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Dear Editor, Postural Reactions: An Elementary Unit for Development of Motor Control The early motor behaviour of a child is influenced by the presence or absence of primitive reflexes. Primitive reflexes, upon which all other functions stand, are the first neurological functions to develop. Originating in the Central Nervous System (CNS), they are actions exhibited by normal infants in response to particular stimuli. Motor development has its beginnings in reflexive movement (Zafeiriou, 2004). A reflex is an automatic movement performed without conscious volition and is usually initiated by sensory stimulation. As a building block of movement, it provides the first change in the distribution of muscle tone. Reflexes are essential for the development of head control and muscle tone, as well as sensory and motor development. Failure to appear at the appropriate age, or to persist beyond a certain age, implies some abnormal functioning of the nervous system. As higher centres of the CNS system mature, reflex activity evolves into volitional movement, and the reflexes become integrated at anticipated times during the first year of growth. They never totally disappear however, and may emerge when the system is stressed. By four to six months of age, most primitive reflexes integrate/ modify and no longer evoke a stereotyped response. With developmental maturation of higher neural structure, the primitive reflexes become inhibited, diminished, integrated and postural reactions emerge. Postural reactions are maturational motor skills that develop during the first year of life and form the basis for attainment of functional motor skills. These reactions automatically provide for maintaining the body in an upright position through changes of muscle tone, in response to the position of the body and its parts. Postural reactions respond to more global stimuli than primitive reflexes and last for a lifetime, in order to support movement and balance (Zafeiriou, 2004). Cerebral palsy is a common cause of childhood physical disability and is characterised by weakness, poor selective motor control and abnormal motor sequences and synergies, resulting in absent or poorly developed postural reactions. This affects postural control and normal motor development. Cerebral palsy is a common problem, the worldwide incidence being 2 - 2.5 per 1000 live Vol 22, No.1, 2011; doi 10.5463/DCID.v22i2.30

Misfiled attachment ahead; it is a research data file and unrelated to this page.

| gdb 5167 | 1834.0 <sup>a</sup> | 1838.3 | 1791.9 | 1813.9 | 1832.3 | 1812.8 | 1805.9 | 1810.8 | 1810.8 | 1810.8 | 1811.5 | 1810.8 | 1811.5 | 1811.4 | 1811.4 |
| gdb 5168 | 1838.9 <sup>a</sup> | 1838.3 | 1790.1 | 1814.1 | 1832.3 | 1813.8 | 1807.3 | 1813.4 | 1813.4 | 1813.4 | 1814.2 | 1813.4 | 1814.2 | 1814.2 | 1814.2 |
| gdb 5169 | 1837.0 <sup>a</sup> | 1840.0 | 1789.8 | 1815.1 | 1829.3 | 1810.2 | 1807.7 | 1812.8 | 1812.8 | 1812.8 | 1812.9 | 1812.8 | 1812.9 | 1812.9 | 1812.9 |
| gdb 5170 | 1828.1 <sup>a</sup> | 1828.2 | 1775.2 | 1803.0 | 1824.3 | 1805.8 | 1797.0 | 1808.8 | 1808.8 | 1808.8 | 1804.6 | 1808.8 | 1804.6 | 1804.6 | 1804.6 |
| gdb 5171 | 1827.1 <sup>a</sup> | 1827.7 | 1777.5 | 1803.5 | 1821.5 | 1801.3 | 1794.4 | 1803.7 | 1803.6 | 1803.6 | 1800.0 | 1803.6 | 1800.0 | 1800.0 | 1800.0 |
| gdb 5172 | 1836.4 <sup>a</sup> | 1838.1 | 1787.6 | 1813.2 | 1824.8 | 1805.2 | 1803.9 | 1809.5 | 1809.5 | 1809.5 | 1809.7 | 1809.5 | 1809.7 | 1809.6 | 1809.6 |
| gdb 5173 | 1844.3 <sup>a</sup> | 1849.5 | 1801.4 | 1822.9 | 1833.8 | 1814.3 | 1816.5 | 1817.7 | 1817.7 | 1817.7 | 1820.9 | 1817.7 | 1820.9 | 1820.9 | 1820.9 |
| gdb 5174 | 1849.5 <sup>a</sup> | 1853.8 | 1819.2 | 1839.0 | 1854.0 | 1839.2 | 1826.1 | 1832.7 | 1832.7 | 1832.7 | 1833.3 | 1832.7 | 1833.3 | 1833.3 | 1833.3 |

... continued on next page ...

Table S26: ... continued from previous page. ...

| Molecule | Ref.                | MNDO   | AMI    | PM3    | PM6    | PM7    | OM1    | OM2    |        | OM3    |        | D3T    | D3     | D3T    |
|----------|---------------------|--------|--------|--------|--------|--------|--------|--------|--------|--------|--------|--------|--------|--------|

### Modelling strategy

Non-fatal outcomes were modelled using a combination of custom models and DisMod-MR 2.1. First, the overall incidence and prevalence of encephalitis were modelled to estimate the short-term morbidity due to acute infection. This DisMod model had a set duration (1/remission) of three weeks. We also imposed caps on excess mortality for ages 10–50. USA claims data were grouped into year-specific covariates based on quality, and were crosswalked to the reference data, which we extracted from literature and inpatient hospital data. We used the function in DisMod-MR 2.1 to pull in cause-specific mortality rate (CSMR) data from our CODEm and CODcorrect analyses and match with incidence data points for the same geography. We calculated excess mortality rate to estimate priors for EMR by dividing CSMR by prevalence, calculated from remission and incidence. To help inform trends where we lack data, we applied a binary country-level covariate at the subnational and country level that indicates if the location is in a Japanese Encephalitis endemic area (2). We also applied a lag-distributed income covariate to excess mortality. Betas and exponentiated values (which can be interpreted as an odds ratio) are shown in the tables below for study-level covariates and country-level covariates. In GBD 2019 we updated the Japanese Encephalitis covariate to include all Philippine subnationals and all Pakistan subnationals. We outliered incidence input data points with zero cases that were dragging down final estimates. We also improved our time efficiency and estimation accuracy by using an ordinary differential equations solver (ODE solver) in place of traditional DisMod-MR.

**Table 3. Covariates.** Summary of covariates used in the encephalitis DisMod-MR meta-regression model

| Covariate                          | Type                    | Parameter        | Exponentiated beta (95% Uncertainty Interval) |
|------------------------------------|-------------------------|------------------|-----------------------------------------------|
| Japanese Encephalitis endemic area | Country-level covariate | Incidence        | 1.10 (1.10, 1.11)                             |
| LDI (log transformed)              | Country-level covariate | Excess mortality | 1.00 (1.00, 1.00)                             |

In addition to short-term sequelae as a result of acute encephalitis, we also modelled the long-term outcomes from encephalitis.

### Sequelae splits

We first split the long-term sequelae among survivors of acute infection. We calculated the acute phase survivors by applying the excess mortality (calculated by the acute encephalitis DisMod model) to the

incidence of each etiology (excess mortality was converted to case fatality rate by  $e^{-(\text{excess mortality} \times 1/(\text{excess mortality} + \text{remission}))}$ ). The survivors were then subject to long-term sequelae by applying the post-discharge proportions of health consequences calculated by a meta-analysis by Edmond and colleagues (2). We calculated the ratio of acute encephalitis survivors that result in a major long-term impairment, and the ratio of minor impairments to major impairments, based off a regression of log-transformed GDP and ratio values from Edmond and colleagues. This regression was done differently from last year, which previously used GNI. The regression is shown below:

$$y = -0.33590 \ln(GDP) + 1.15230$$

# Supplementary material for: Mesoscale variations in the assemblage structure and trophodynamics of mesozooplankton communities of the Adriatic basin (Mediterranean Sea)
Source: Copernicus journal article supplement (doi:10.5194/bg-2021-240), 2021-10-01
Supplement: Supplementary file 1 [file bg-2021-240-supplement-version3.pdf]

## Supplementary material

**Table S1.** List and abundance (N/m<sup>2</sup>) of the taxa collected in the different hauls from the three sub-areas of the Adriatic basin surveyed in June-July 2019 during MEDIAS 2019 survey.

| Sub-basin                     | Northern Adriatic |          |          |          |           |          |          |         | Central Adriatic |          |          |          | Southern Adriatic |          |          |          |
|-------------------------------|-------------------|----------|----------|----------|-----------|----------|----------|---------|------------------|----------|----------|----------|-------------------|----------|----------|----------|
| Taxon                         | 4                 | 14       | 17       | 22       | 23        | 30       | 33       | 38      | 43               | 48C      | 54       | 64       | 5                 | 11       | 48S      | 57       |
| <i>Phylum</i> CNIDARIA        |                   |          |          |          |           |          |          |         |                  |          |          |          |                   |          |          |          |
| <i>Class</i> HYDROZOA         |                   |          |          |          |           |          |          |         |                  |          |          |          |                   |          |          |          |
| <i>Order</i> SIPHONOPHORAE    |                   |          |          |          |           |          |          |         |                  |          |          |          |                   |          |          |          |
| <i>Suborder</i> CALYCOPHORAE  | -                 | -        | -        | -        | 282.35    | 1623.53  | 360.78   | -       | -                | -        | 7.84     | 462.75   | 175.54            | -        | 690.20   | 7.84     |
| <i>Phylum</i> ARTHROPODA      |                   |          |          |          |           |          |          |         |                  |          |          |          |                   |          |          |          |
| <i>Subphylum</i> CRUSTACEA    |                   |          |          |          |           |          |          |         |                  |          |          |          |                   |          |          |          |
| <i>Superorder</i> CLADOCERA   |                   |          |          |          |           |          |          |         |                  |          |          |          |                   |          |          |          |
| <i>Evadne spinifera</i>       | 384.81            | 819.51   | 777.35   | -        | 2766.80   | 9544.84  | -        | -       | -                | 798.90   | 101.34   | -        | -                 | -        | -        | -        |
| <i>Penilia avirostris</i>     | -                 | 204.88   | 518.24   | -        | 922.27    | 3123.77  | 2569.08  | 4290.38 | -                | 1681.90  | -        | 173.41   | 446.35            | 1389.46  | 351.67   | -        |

births (Brogren et al, 1996). In the developing world, the prevalence of CP is not well established but estimates are 1.5 - 5.6 cases per 1000 live births (Mutch et al,1992; Brogren et al,1996; Donker et al, 2008). In children with cerebral palsy, postural reactions have been reported as being either absent or poorly developed, affecting postural control and motor development (Brogren et al,1996; Brogren et al,2001; Donker et al,2008). The abnormal interaction between three systems - somatosensory, visual and vestibular - is believed to be the cause of abnormal postural reactions. The localisation of dysfunction within either sensory organisation or muscle coordination mechanism which affects development of postural reactions, has also been reported. Various researchers have considered the assessment of postural reactions as an important tool to assess the integrity of CNS in children with cerebral palsy. Postural reactions include righting reactions, equilibrium reactions and protective reactions. Righting reactions support positioning of the head vertically in space, alignment of head and trunk, and alignment of trunk and limbs. Both head righting - which aligns the eyes with the horizon and the head with the trunk, and body righting - which contributes to movement around the body axis, are necessary to assume anti-gravity positions. Equilibrium reactions provide balance when the centre of gravity is disturbed. They are more mature responses to regain balance than righting reactions, and include counter-rotation of the head and trunk away from the direction of displacement, and the use of the extremities. Higher centres of CNS have to mature for equilibrium reactions to develop. This begins at approximately 6 months and matures around the age of 4 years. Protective reactions are required to prevent injury if the equilibrium reactions are unable to restore balance. Protective reactions emerge first to the front, then the side and then backwards. Assessment of postural reactions can be done on a newly developed assessment system, the Postural Reaction Score Sheet, that has three components - Righting Reaction, Protective Reaction and Equilibrium Reaction. Righting reaction component consists of 6 subcomponents, viz. Righting Reaction Prone, Righting Reaction Lateral, Righting Reaction Flexion, Neck Righting on Body, Labyrinthine Righting and Optical Righting. The scoring is done on a 7-point ordinal scale. Protective reaction component consists of 4 subcomponents, viz. Protective Reaction Prone, Protective Reaction Forward, Protective Reaction Side Vol 22, No.1, 2011; doi 10.5463/DCID.v22i2.30